Time and geographical shifts are apt to have unhappy consequences for pure design forms, and the high style of Qing Dynasty imperial architecture in Northern China is no exception. Passing decades and fashions have seen the famous grand palaces and gardens in the north misrepresented elsewhere in a looser Southeast Asian-style or even a more simplistic Mediterranean look.
Original Chinese royal architecture and garden design provided the inspiration for the reinvented five-star Eadry Royal Garden Hotel in Haikou. The hotel was first built to celebrate the richness of Chinese architecture, but its proportions had been ill-considered and the result was more like a popular take on the original, with little attention paid to historical accuracy. Architect and interior design firm BLVD International undertook the revamp, with interior designer Honglei Liu at the helm.
"My goal was to introduce the magnificence of royal garden architecture to South China. However, at the same time I had to marry this refined style with the comfort and convenience expected by guests at a five-star hotel. To achieve this I had to look to the past and also to the trends in present day, five-star hospitality."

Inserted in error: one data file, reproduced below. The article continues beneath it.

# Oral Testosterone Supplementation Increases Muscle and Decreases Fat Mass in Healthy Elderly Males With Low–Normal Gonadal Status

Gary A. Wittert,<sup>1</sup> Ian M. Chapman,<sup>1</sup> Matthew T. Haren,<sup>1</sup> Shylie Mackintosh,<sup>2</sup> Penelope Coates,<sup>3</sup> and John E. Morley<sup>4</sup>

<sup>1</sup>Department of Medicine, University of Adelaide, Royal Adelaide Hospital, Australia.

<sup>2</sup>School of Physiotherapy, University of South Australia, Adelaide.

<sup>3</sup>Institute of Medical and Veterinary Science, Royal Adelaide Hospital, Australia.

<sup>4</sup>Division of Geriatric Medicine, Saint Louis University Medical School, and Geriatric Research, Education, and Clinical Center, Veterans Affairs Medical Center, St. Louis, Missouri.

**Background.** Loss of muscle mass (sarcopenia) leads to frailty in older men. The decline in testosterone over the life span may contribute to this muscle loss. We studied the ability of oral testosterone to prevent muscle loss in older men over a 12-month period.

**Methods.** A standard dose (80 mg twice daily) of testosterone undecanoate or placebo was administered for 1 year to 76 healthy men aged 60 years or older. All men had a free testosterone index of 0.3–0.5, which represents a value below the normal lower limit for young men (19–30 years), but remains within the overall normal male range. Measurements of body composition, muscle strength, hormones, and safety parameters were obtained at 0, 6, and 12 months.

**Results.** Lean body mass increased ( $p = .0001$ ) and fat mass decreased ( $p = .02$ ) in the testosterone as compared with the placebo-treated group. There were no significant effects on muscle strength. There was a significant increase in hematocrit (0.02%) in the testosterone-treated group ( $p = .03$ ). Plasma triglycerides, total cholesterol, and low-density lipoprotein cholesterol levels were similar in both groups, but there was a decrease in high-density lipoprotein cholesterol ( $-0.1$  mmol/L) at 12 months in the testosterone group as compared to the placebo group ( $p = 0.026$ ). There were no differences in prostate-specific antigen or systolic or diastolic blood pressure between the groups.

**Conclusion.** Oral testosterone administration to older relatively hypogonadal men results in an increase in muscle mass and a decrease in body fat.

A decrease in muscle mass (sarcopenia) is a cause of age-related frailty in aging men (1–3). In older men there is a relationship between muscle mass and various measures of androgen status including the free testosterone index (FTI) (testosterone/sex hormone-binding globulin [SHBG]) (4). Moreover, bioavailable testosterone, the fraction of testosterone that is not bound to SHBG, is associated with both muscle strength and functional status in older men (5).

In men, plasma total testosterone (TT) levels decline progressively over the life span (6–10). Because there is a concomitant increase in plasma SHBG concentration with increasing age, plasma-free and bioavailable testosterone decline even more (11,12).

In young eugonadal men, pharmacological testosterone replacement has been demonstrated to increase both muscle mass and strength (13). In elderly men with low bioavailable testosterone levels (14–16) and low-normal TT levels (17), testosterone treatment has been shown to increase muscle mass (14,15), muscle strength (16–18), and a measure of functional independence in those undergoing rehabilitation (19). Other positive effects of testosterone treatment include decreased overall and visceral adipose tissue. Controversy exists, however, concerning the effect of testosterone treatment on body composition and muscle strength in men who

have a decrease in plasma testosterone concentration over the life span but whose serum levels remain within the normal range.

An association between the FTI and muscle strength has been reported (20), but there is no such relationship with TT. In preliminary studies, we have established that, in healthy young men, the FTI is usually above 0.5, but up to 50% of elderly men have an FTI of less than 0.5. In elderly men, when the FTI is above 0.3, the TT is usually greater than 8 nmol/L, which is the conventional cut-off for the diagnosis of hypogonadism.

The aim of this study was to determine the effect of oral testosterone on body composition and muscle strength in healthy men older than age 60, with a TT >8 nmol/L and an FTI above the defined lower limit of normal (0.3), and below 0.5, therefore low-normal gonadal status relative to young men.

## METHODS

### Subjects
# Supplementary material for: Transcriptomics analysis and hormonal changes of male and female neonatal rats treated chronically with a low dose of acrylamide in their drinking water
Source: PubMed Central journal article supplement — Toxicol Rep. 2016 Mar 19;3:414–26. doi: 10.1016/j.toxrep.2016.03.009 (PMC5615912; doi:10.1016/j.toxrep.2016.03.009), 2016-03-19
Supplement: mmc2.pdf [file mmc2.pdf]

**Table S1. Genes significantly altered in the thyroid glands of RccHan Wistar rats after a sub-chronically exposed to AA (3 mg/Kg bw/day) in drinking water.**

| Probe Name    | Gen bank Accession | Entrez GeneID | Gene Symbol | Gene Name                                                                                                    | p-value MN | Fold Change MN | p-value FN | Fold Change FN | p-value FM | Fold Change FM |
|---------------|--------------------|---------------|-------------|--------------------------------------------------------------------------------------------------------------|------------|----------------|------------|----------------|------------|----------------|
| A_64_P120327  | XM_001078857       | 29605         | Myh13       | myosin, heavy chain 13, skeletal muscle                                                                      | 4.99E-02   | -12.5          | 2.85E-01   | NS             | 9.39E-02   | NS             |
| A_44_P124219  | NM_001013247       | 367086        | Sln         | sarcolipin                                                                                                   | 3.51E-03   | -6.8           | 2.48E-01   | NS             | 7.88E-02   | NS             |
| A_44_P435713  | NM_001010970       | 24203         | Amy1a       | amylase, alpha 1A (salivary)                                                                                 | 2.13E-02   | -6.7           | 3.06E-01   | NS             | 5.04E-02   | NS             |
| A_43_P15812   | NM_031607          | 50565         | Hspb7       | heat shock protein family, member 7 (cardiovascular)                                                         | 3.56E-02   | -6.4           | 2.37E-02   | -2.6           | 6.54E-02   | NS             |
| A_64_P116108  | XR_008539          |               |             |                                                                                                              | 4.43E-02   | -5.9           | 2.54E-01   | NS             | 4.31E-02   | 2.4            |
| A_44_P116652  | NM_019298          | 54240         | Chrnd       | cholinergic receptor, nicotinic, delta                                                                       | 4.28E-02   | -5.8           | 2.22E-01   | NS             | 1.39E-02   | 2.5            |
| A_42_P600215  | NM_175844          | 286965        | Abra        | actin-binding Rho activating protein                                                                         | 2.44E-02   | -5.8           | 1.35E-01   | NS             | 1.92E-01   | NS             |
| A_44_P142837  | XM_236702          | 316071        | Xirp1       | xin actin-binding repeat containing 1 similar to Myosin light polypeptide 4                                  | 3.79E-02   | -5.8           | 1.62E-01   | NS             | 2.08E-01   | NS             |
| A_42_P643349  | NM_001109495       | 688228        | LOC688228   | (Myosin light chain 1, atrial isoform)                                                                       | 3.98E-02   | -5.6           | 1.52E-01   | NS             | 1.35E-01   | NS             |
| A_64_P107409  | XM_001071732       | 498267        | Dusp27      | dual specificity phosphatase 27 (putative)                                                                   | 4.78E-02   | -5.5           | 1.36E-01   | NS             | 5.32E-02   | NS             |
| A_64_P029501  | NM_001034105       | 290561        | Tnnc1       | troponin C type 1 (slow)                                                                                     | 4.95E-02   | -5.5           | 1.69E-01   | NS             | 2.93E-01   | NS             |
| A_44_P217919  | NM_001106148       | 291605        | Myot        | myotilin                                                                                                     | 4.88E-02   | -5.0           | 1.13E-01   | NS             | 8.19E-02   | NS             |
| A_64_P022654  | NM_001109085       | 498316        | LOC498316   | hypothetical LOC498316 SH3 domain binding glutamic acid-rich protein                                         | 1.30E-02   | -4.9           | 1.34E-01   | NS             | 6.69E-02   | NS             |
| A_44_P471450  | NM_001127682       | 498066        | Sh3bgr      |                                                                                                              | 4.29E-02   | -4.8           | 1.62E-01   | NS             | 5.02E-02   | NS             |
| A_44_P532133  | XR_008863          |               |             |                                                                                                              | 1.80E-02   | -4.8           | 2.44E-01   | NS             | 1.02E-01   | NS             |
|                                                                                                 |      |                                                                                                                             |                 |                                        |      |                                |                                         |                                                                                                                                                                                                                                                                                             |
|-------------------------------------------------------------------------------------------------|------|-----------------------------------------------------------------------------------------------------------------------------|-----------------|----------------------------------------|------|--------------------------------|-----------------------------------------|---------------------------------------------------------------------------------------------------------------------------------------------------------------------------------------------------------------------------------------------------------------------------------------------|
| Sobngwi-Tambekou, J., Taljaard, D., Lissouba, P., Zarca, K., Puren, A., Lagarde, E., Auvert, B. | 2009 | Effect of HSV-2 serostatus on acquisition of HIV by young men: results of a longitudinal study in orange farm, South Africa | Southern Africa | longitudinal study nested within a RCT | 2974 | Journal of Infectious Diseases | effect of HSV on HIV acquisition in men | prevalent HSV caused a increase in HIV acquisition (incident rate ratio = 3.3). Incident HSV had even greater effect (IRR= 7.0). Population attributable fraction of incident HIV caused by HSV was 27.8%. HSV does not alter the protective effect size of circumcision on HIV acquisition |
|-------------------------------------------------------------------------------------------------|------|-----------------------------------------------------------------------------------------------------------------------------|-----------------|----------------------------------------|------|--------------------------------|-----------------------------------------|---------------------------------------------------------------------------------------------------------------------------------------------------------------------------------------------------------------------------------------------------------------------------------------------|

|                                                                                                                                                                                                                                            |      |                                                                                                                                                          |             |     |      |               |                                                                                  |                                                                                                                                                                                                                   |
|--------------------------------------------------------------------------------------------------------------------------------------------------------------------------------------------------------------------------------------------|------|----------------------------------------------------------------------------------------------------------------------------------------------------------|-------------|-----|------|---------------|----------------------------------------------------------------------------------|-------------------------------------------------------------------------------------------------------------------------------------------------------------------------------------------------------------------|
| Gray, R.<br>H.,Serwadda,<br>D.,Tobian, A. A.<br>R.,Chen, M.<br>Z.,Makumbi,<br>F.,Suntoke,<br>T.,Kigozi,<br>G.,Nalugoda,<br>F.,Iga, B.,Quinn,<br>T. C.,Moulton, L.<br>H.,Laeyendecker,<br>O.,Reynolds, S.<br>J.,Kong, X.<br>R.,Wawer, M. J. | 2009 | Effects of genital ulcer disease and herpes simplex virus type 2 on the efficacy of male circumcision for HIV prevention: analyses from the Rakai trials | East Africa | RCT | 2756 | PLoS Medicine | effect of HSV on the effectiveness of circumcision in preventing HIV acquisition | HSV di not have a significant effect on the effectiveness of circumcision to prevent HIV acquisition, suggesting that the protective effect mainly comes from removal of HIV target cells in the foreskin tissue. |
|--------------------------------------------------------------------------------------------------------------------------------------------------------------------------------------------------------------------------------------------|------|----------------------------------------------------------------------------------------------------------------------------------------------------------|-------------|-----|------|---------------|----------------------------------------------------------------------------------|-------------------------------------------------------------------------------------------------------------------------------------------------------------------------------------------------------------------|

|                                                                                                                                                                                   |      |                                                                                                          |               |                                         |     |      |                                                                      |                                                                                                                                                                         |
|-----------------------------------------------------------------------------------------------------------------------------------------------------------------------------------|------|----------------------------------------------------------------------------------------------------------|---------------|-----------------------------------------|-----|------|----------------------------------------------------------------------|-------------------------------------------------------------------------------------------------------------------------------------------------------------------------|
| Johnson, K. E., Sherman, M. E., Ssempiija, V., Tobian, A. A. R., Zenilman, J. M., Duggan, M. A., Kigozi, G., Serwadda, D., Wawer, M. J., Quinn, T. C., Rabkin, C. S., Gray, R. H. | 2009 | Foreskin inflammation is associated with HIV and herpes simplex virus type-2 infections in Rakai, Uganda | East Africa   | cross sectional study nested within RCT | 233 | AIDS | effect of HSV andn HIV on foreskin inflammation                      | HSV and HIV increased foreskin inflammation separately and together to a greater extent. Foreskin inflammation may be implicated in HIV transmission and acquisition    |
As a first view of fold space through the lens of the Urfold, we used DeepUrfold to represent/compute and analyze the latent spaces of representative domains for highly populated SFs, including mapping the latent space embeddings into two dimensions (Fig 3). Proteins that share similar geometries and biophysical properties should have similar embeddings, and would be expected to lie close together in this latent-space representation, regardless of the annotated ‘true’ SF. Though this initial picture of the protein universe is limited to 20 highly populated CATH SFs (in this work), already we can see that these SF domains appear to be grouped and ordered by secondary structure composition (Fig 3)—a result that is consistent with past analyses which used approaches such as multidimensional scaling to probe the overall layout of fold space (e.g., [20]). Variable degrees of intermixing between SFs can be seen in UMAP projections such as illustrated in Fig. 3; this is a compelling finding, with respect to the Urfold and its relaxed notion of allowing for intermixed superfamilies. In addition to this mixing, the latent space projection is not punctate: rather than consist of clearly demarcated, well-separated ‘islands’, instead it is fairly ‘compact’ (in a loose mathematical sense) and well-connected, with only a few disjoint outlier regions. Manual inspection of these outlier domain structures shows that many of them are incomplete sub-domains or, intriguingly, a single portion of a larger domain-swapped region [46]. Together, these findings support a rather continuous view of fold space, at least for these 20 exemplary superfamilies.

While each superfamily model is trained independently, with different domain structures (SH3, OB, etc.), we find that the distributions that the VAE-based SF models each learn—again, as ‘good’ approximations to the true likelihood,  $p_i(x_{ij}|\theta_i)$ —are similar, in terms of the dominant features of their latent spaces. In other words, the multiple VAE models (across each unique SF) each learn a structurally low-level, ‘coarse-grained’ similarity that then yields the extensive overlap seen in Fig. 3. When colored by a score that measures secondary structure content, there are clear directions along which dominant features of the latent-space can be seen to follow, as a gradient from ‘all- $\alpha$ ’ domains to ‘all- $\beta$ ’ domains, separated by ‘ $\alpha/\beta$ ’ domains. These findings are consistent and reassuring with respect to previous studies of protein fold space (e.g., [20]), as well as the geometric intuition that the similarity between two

The work was detailed and comprehensive a new grand lobby was built, and the bar behind it substantially reworked. Along with new restaurants and facilities, the original ground-level gardens were dropped to basement level. While this meant that considerable structural and design work was required, the drama and enjoyment of these natural, yet symmetrical, oases was enhanced, Liu says.
"I wanted to create an environment where guests would feel they were in a truly regal space not some folk, pastiche or imitation product."
"The scale and the proportions of one of the largest temples in China was selected as a model for this scheme and then carefully manipulated to fit the three-dimensional spaces required for the hotel," says Liu. "For example, in the new main lobby, the rhythm of the column spacing was changed to create rectangular spaces rather than the square forms celebrated in classic courtyard architecture. At the same time, we sought to retain the feel of the traditional wooden structure."